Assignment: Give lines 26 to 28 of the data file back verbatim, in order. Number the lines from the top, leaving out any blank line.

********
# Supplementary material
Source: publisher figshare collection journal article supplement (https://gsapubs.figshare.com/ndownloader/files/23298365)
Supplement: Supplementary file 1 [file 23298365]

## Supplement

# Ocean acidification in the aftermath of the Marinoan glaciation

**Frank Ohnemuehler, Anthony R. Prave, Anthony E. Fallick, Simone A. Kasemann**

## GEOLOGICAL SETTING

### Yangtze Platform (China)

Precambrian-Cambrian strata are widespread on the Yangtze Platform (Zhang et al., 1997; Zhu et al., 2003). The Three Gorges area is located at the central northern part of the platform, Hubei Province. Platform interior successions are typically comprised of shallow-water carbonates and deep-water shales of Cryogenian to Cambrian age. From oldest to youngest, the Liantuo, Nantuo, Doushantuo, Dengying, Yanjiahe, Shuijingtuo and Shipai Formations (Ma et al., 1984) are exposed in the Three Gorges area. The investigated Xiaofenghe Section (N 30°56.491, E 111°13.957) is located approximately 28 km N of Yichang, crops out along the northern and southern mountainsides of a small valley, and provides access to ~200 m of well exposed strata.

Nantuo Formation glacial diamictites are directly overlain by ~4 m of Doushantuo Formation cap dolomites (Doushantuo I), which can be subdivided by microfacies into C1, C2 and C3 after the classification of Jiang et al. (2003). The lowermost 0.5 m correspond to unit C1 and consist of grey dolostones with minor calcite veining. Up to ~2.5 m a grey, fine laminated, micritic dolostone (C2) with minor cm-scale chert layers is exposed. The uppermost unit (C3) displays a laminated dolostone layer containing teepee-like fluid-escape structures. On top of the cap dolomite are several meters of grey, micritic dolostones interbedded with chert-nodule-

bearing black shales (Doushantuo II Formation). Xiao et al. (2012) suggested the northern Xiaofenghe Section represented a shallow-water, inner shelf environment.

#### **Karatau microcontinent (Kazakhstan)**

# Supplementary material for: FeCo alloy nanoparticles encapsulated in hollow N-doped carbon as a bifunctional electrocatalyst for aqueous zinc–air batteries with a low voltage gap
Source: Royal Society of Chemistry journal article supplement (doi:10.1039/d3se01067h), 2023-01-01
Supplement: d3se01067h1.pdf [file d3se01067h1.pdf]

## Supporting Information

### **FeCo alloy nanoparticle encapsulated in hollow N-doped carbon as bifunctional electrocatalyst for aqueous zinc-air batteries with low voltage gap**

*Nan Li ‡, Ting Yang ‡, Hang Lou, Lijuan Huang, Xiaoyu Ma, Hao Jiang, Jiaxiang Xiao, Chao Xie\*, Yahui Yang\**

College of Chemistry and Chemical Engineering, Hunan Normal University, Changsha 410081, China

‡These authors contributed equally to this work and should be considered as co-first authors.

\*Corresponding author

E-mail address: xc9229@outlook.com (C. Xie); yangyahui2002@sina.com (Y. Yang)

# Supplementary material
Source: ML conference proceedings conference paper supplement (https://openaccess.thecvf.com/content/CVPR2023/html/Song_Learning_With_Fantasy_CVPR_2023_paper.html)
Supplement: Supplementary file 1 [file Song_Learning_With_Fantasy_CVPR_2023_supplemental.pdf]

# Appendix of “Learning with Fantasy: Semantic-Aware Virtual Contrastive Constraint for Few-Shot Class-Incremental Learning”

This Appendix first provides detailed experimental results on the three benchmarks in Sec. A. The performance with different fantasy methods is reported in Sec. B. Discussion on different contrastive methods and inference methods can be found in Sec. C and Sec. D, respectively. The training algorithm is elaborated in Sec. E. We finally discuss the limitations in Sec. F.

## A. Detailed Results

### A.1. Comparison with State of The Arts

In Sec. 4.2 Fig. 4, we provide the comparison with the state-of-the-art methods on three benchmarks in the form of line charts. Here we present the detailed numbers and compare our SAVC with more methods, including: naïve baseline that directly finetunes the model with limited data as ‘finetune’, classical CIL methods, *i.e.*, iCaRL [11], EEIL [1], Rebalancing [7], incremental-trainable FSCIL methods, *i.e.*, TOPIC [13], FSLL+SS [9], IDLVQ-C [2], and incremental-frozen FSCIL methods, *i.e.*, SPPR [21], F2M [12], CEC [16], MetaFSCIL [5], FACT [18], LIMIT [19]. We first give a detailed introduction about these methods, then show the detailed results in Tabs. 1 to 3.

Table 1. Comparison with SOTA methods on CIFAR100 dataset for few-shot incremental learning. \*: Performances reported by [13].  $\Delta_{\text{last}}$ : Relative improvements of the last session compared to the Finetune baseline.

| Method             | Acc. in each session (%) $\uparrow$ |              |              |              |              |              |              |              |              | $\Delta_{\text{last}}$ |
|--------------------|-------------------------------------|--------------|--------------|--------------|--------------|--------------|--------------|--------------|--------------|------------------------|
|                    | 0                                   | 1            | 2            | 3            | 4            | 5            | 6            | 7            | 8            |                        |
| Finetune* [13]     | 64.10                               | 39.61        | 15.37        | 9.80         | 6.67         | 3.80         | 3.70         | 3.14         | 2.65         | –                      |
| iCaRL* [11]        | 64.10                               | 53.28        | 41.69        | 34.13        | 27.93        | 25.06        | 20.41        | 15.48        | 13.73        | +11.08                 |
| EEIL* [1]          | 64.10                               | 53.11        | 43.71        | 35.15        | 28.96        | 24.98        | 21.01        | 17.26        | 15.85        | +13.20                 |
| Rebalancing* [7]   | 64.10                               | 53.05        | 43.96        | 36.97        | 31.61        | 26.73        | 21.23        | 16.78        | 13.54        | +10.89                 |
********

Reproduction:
# Appendix of “Learning with Fantasy: Semantic-Aware Virtual Contrastive Constraint for Few-Shot Class-Incremental Learning”

This Appendix first provides detailed experimental results on the three benchmarks in Sec. A. The performance with different fantasy methods is reported in Sec. B. Discussion on different contrastive methods and inference methods can be found in Sec. C and Sec. D, respectively. The training algorithm is elaborated in Sec. E. We finally discuss the limitations in Sec. F.

## A. Detailed Results